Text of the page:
Who Are The Tuskegee Airmen?
During a time when segregation was the societal standard, racism was widely practiced and Black Americans were widely discriminated against, the United States was in the shadow of Pearl Harbor and on the brink of World War II. At the same time, the U.S. was ranked the 16th largest military in the world and desperately needed pilots.
Due to the uncertainty of another world war coupled with a lack of military manpower, in 1939 the U.S. government created the Civilian Pilot Training Program, according to the Smithsonian Institute. This federally-funded and segregated program allowed Black Americans to train on combat aircraft and learn how to fly in case of another war. Black Americans were already allowed in the military, but they hadn’t been allowed to train as pilots yet.
Even as the CPT began training African American pilots, there were still many leaders within and outside of the military who didn’t think African Americans should serve. Many of these opinions stemmed from a survey conducted in 1925 by the Army War College, now called the Department of Defense, titled: The Employment of Negro Manpower In War.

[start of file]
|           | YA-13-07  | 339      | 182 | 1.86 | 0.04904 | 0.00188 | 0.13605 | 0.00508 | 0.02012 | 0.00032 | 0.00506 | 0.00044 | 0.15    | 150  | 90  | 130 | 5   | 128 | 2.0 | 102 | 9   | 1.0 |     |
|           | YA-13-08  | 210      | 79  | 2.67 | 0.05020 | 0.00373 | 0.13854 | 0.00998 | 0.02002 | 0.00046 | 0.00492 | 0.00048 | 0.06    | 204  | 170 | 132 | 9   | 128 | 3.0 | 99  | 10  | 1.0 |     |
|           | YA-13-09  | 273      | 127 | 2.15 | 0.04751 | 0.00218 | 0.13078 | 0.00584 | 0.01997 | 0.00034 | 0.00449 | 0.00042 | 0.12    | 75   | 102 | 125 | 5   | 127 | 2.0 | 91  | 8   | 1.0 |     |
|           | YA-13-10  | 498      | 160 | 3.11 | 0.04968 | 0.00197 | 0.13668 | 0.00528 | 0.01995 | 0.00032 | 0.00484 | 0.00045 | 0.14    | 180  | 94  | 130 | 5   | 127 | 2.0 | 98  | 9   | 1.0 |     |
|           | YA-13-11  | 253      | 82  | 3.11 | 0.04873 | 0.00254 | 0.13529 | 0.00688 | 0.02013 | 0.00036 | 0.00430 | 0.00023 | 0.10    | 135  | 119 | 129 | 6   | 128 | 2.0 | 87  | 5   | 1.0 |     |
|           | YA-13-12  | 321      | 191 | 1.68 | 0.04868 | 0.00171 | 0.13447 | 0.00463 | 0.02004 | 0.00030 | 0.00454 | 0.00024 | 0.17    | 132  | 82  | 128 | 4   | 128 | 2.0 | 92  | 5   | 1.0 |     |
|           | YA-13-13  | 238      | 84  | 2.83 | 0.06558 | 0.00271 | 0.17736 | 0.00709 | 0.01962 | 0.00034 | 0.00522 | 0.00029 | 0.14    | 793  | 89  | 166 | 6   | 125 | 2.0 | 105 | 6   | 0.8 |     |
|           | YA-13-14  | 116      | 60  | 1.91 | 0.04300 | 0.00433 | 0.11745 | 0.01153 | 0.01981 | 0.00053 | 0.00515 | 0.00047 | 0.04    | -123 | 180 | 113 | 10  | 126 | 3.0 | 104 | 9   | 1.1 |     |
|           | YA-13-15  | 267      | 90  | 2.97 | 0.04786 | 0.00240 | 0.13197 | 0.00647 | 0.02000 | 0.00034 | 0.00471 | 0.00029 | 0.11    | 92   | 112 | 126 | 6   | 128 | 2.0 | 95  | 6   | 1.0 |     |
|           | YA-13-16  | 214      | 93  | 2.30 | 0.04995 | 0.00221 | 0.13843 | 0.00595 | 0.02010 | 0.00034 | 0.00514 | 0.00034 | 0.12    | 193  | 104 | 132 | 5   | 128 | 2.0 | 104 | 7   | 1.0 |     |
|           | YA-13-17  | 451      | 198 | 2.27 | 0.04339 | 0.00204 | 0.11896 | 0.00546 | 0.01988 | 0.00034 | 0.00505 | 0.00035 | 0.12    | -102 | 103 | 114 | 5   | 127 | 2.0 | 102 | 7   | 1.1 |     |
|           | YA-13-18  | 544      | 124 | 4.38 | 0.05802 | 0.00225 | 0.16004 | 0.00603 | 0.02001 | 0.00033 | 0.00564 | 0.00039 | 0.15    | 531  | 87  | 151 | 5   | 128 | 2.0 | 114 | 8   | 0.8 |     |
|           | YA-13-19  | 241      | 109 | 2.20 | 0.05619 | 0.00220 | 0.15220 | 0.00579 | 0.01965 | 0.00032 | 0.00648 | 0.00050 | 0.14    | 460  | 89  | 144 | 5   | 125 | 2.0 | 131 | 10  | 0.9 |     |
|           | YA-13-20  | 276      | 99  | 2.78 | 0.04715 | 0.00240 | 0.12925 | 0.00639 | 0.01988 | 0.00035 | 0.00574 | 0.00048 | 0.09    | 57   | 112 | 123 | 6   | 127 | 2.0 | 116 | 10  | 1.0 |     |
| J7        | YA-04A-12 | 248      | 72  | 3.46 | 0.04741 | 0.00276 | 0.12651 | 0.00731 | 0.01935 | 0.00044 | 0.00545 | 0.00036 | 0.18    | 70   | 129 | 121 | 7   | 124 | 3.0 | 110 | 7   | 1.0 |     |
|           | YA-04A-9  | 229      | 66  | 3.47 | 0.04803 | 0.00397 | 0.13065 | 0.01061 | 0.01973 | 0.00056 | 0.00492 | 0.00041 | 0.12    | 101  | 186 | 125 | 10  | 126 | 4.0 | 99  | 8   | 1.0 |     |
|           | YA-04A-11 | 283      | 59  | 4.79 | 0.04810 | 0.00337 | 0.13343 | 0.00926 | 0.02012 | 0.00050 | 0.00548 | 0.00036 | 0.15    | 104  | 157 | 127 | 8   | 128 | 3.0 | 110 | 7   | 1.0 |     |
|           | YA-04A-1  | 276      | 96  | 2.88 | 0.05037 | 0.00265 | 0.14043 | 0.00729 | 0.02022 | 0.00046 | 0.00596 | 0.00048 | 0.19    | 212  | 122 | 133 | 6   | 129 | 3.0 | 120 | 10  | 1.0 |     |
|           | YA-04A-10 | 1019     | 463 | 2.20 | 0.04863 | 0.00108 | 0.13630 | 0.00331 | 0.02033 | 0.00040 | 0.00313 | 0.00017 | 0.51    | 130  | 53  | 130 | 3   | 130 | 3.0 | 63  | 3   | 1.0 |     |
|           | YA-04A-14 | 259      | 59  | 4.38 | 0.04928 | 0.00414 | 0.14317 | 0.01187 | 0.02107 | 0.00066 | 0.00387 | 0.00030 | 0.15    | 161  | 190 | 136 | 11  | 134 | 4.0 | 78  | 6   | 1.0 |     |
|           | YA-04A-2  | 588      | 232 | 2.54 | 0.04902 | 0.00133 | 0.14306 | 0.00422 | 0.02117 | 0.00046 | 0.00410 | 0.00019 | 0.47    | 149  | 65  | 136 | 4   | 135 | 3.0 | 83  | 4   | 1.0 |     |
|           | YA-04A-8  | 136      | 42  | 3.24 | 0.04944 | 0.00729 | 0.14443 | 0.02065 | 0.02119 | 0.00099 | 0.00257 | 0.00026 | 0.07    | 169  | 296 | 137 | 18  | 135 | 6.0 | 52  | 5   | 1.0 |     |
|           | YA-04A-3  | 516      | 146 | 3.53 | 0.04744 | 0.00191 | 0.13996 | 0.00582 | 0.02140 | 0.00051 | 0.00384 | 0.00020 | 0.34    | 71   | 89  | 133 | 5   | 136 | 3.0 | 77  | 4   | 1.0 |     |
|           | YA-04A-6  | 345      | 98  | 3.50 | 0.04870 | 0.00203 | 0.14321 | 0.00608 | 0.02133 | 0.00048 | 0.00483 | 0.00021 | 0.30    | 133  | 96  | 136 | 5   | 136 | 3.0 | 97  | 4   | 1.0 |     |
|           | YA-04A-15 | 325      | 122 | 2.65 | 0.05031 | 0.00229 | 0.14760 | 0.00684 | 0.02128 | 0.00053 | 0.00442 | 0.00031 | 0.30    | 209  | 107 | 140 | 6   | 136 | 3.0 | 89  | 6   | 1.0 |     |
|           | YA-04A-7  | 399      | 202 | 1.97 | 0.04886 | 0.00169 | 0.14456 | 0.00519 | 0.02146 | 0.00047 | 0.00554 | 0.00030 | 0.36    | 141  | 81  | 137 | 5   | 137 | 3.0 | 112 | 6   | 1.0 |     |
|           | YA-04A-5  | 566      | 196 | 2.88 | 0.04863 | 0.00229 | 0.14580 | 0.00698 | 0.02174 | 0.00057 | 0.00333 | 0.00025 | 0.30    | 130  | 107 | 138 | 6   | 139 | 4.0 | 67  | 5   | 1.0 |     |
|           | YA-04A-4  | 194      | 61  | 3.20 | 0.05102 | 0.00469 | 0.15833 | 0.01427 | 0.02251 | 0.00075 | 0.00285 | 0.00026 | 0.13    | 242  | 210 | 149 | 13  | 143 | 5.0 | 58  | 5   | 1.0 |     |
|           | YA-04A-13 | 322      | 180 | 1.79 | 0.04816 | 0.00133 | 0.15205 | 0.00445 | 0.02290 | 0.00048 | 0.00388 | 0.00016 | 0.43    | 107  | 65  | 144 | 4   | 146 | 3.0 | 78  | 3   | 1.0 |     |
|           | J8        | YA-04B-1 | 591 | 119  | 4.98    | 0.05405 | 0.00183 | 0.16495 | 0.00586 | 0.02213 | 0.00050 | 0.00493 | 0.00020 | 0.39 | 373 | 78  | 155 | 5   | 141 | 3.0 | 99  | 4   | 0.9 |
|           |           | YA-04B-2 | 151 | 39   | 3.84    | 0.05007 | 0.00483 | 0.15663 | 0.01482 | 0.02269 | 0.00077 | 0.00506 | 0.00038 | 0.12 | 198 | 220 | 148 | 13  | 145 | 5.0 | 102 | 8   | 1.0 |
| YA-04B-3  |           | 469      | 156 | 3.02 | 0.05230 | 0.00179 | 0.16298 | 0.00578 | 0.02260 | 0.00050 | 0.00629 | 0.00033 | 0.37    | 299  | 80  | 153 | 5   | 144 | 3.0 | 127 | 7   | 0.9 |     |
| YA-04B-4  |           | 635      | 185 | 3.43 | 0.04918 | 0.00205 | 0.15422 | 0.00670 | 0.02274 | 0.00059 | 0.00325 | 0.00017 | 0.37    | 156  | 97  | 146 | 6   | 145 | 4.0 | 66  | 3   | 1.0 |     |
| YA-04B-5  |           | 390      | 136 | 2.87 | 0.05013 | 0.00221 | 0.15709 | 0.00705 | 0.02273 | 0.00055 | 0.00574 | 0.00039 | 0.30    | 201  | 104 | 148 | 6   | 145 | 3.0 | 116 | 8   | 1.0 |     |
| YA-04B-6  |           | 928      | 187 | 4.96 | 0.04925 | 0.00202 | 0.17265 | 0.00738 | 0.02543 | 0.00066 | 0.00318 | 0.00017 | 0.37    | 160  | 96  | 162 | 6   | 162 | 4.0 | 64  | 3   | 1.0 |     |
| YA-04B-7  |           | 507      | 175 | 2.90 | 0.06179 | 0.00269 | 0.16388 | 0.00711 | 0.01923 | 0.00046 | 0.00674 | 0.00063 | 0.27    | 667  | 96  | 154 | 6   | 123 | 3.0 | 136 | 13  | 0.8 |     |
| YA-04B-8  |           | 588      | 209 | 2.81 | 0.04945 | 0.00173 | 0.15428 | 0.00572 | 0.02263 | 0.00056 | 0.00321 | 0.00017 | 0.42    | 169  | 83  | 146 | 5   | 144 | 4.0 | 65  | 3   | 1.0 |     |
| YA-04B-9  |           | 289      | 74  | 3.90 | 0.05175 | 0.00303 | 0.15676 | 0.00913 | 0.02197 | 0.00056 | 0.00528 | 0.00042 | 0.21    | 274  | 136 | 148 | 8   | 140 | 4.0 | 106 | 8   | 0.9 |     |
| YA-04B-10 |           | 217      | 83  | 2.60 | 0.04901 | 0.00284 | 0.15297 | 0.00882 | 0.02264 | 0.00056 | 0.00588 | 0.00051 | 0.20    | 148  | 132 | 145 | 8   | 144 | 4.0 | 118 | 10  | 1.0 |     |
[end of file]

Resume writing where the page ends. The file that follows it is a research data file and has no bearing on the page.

“An opinion held in common by practically all officers is that the negro is a rank coward in the dark. His fear of the unknown and unseen will prevent him from ever operating as an individual scout with success. His lack of veracity causes unsatisfactory reports to be rendered, particular on patrol duty,” the report states.
The NAACP, Black media outlets and other Black organizations fought against the report and those negative opinions. They pressured the U.S. military relentlessly for inclusion, desegregation and fair treatment.
Then in January of 1941, under the direction of the NAACP, Howard University student Yancey Williams filed a lawsuit against the War Department to compel his admission to a pilot training center.
The military succumbed to this pressure and on January 16, 1941, Secretary of the Army Henry L. Stimson authorized the formation of a Black pursuit squadron, according to the Air Force Historical Support Division. This unit was to be called the 99th Pursuit Squadron.